• Corpus ID: 238582646

Imaging the controllable rotation of a skyrmion crystal driven by femtosecond laser pulses

  title={Imaging the controllable rotation of a skyrmion crystal driven by femtosecond laser pulses},
  author={Phoebe Tengdin and Benoit Truc and A. A. Sapozhnik and Simone Gargiulo and I. Madan and Thomas Schoenenberger and P. R. Baral and Ping Che and Arnaud Magrez and Dirk Grundler and Henrik M. R{\o}nnow and Thomas B Lagrange and Fabrizio Carbone Institute of Physics and Lumes and 'Ecole polytechnique f'ed'erale de Lausanne and Lausanne and Switzerland. and Institute of Metal Physics and Lqm and Crystallography Facility and Ecole polytechnique f'ed'erale de Lausanne and Institute of Optical Materials and Laboratory of Nanoscale Magnetic Materials and Magnonics},
Control of topological magnetic textures has attracted intense interest due to the potential applications for these structures in spintronic devices. Recent advances in electron microscopy have enabled imaging of individual skyrmions, however the full understanding of their ultrafast dynamics has remained inaccessible. Here we show via cryoLorentz microscopy that a single circularly polarized femtosecond laser pulse can induce controlled rotation of a skyrmion crystal. Pulses of light with an… 

Figures from this paper


Ultrafast non-thermal control of magnetization by instantaneous photomagnetic pulses
It is demonstrated that circularly polarized femtosecond laser pulses can be used to non-thermally excite and coherently control the spin dynamics in magnets by way of the inverse Faraday effect, and offers prospects for applications of ultrafast lasers in magnetic devices.
Ultrafast generation of skyrmionic defects with vortex beams: Printing laser profiles on magnets
Controlling electric and magnetic properties of matter by laser beams is actively explored in the broad region of condensed matter physics, including spintronics and magneto-optics. Here we
Ultrafast optical excitation of magnetic skyrmions
The ultrafast, nonthermal, and local excitation of the spin systems by photons would lead to the efficient manipulation of nano-magnetic structures.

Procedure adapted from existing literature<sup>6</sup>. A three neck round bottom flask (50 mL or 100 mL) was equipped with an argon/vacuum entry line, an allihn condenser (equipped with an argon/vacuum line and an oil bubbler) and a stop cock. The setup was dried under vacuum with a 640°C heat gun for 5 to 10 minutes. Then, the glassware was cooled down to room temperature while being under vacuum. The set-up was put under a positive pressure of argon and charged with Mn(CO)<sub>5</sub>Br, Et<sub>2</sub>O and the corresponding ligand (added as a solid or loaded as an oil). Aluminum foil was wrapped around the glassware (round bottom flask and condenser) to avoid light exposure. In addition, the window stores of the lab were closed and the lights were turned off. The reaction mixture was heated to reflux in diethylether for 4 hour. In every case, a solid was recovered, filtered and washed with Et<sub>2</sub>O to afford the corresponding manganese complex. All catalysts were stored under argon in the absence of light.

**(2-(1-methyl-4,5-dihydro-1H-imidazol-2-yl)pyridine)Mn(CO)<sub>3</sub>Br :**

Laser-induced magnetic nanostructures with tunable topological properties.
We report the creation and real-space observation of magnetic structures with well-defined topological properties and a lateral size as low as about 150 nm. They are generated in a thin ferrimagnetic
Thermally driven ratchet motion of a skyrmion microcrystal and topological magnon Hall effect.
The finding that a topologically nontrivial spin texture known as a skyrmion--a particle-like object in which spins point in all directions to wrap a sphere--constitutes such a ratchet is reported, suggesting that magnons can be used to control the motion of these spin textures.
Femtosecond Spin Current Pulses Generated by the Nonthermal Spin-Dependent Seebeck Effect and Interacting with Ferromagnets in Spin Valves.
The demonstrated rotation of spin polarization of hot electrons upon interaction with noncollinear magnetization at Au/Fe interfaces holds high potential for future spintronic devices.
Design and implementation of a fs-resolved transmission electron microscope based on thermionic gun technology
In this paper, the design and implementation of a femtosecond-resolved ultrafast transmission electron microscope is presented, based on a thermionic gun geometry. Utilizing an additional magnetic
Time-resolved visualization of the magnetization canting induced by field-like spin–orbit torques
We report on the use of time-resolved scanning transmission x-ray microscopy imaging for the visualization of the dynamical canting of the magnetization induced by field-like spin–orbit torques in a
Magnetic Skyrmions and Skyrmion Clusters in the Helical Phase of Cu_{2}OSeO_{3}.
Topological quantization, high mobility, and the confinement of Skyrmions in channels provided by the helical background may be useful for future spintronics devices.
Dynamical Defects in Rotating Magnetic Skyrmion Lattices.
It is shown that in an inhomogeneous temperature gradient caused by illumination in a Lorentz transmission electron microscope different parts of the Skyrmion lattice can be set into motion with different angular velocities.